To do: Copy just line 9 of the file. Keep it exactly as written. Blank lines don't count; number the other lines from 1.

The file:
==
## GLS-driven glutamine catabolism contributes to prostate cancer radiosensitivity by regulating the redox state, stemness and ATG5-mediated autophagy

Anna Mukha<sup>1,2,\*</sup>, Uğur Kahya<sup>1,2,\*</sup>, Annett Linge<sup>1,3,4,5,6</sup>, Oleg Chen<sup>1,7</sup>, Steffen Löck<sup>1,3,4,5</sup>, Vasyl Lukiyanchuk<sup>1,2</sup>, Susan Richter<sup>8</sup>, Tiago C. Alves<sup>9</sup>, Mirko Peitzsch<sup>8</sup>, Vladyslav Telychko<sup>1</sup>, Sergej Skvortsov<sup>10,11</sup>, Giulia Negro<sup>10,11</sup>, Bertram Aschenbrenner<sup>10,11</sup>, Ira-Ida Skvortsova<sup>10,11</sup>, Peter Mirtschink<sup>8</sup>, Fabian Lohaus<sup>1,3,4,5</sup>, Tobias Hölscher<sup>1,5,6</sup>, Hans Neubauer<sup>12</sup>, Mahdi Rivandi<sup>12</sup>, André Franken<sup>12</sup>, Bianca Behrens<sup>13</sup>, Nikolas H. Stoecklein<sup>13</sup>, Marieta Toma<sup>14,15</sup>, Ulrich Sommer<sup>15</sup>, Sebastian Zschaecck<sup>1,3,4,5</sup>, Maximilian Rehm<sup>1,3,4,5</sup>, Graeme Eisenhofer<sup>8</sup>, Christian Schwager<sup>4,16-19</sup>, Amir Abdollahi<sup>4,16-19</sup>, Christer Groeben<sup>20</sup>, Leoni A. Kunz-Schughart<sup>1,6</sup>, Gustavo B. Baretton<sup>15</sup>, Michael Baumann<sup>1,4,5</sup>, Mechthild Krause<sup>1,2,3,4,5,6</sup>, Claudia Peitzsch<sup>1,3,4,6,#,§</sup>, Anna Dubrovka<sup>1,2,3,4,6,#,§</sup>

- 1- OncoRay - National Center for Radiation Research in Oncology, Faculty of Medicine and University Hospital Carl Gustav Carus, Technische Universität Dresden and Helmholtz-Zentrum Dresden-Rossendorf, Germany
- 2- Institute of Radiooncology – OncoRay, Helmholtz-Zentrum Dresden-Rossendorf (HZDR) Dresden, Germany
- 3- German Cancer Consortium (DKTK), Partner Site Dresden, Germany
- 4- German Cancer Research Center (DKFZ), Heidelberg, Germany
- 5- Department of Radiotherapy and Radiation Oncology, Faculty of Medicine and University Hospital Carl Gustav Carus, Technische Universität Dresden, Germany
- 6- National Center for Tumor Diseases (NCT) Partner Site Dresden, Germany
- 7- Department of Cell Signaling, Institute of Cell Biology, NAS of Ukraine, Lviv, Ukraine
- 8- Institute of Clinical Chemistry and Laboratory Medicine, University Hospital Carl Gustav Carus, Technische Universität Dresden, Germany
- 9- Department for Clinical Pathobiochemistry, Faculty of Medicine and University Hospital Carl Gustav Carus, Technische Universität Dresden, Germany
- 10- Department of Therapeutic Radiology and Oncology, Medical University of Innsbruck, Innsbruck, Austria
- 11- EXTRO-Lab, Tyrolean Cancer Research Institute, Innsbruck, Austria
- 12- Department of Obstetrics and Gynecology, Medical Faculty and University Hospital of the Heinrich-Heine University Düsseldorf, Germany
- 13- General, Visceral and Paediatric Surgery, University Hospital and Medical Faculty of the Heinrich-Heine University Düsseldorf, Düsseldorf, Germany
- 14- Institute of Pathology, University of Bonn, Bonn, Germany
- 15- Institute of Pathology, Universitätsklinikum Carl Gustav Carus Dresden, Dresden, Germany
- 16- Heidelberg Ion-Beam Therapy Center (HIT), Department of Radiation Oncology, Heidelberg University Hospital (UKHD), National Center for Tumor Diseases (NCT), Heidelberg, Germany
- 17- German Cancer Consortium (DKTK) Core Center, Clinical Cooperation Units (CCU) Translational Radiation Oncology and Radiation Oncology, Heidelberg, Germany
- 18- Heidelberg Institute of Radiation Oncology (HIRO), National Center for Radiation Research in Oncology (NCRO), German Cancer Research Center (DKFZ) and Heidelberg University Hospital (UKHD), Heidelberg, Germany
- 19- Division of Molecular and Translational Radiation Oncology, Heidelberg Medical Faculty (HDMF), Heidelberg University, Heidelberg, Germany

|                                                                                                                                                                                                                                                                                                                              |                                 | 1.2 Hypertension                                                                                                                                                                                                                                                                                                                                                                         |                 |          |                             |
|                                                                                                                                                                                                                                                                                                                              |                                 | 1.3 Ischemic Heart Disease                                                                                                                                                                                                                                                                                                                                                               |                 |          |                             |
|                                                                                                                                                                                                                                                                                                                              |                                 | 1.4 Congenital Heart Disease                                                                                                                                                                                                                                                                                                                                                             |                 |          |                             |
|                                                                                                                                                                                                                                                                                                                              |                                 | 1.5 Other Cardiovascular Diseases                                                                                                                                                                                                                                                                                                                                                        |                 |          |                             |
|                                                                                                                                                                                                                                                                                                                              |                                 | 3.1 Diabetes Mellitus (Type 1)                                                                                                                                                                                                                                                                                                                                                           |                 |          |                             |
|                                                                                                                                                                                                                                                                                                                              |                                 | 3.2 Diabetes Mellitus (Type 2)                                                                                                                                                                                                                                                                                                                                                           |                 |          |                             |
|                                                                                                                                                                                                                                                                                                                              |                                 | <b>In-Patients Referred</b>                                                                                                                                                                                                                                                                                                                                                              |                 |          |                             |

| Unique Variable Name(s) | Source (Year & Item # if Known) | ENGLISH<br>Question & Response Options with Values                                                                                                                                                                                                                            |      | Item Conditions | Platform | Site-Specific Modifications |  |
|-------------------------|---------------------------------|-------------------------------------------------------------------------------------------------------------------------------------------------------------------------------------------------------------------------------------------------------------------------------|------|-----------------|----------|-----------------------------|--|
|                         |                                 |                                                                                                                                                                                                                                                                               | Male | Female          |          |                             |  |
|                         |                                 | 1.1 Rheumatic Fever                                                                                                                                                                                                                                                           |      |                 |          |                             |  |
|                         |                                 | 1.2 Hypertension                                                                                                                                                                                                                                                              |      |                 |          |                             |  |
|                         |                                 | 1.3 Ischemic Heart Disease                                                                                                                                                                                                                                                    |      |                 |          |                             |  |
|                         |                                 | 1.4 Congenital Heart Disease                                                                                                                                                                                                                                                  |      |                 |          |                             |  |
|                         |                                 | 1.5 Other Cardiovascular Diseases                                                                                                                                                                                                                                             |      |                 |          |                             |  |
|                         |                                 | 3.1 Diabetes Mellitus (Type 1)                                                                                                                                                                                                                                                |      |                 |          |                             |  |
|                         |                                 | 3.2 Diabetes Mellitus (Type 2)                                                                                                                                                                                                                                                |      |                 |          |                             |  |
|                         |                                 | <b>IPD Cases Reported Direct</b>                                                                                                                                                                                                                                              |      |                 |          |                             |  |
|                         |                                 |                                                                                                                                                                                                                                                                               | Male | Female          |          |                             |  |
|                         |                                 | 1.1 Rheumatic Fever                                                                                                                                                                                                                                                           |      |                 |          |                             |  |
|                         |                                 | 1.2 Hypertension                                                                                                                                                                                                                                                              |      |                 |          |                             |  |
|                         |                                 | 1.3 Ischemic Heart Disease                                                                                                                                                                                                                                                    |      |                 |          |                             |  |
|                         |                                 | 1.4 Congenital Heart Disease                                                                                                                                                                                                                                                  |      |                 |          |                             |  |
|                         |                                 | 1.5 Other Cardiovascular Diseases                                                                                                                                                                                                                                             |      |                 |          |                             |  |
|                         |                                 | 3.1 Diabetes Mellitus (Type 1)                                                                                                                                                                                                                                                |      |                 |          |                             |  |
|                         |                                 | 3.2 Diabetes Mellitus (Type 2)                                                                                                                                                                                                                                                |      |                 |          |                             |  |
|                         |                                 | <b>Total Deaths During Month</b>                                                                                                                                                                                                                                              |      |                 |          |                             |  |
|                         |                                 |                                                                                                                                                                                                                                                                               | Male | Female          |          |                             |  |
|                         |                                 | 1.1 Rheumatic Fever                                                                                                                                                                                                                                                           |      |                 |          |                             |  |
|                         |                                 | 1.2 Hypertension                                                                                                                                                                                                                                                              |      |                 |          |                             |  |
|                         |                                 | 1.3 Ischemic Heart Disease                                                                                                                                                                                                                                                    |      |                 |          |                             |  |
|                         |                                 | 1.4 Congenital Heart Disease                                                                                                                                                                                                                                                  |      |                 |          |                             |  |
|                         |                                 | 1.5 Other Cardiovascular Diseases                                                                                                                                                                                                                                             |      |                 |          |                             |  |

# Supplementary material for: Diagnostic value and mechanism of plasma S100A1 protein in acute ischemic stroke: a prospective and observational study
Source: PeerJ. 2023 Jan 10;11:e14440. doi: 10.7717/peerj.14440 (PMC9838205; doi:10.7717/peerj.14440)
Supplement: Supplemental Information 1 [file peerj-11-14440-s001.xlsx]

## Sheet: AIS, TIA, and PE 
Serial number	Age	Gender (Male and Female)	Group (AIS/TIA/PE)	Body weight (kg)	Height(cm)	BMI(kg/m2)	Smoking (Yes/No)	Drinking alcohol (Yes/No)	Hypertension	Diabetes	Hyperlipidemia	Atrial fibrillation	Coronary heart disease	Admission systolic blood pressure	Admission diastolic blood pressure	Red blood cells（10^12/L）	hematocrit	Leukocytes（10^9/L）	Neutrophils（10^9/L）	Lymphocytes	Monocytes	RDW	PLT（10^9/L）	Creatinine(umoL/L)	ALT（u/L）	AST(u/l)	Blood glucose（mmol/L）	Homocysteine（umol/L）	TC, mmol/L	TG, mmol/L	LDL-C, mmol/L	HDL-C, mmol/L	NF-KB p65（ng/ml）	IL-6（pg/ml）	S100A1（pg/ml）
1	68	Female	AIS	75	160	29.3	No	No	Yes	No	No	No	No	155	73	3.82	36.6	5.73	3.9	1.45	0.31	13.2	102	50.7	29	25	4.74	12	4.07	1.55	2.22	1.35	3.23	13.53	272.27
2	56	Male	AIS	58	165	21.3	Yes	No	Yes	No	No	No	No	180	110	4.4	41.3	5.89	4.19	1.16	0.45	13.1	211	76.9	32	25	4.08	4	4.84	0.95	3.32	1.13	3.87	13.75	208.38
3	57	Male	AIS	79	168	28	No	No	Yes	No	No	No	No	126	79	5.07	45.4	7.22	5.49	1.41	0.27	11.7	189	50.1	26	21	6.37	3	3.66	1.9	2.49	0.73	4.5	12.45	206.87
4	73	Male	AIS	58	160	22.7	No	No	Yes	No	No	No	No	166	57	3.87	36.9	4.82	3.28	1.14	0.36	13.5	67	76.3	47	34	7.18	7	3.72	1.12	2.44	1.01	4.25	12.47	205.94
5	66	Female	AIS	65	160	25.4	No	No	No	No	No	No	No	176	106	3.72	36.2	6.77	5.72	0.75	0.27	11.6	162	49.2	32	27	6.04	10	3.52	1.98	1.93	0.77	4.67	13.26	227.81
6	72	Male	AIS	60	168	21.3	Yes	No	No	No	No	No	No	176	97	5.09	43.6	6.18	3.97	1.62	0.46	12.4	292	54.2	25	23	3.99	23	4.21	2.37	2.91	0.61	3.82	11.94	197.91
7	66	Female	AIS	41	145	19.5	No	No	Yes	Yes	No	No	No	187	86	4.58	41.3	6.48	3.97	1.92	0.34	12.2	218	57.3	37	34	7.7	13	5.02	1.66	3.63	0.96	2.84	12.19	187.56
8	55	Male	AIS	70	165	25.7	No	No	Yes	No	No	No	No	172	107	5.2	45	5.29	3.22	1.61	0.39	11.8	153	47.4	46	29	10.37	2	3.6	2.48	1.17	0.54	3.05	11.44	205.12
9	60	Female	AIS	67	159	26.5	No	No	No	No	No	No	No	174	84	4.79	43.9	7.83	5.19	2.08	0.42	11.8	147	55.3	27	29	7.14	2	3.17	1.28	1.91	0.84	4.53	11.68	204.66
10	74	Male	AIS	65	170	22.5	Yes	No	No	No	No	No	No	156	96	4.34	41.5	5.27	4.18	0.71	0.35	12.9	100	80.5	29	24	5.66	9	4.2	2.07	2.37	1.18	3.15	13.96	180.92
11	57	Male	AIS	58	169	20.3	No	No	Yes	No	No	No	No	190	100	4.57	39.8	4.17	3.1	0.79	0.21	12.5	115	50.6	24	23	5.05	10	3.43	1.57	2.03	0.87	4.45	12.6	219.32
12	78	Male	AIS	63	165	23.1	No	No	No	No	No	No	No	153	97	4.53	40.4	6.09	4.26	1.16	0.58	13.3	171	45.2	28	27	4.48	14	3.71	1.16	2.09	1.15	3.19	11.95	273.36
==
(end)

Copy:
- 7- Department of Cell Signaling, Institute of Cell Biology, NAS of Ukraine, Lviv, Ukraine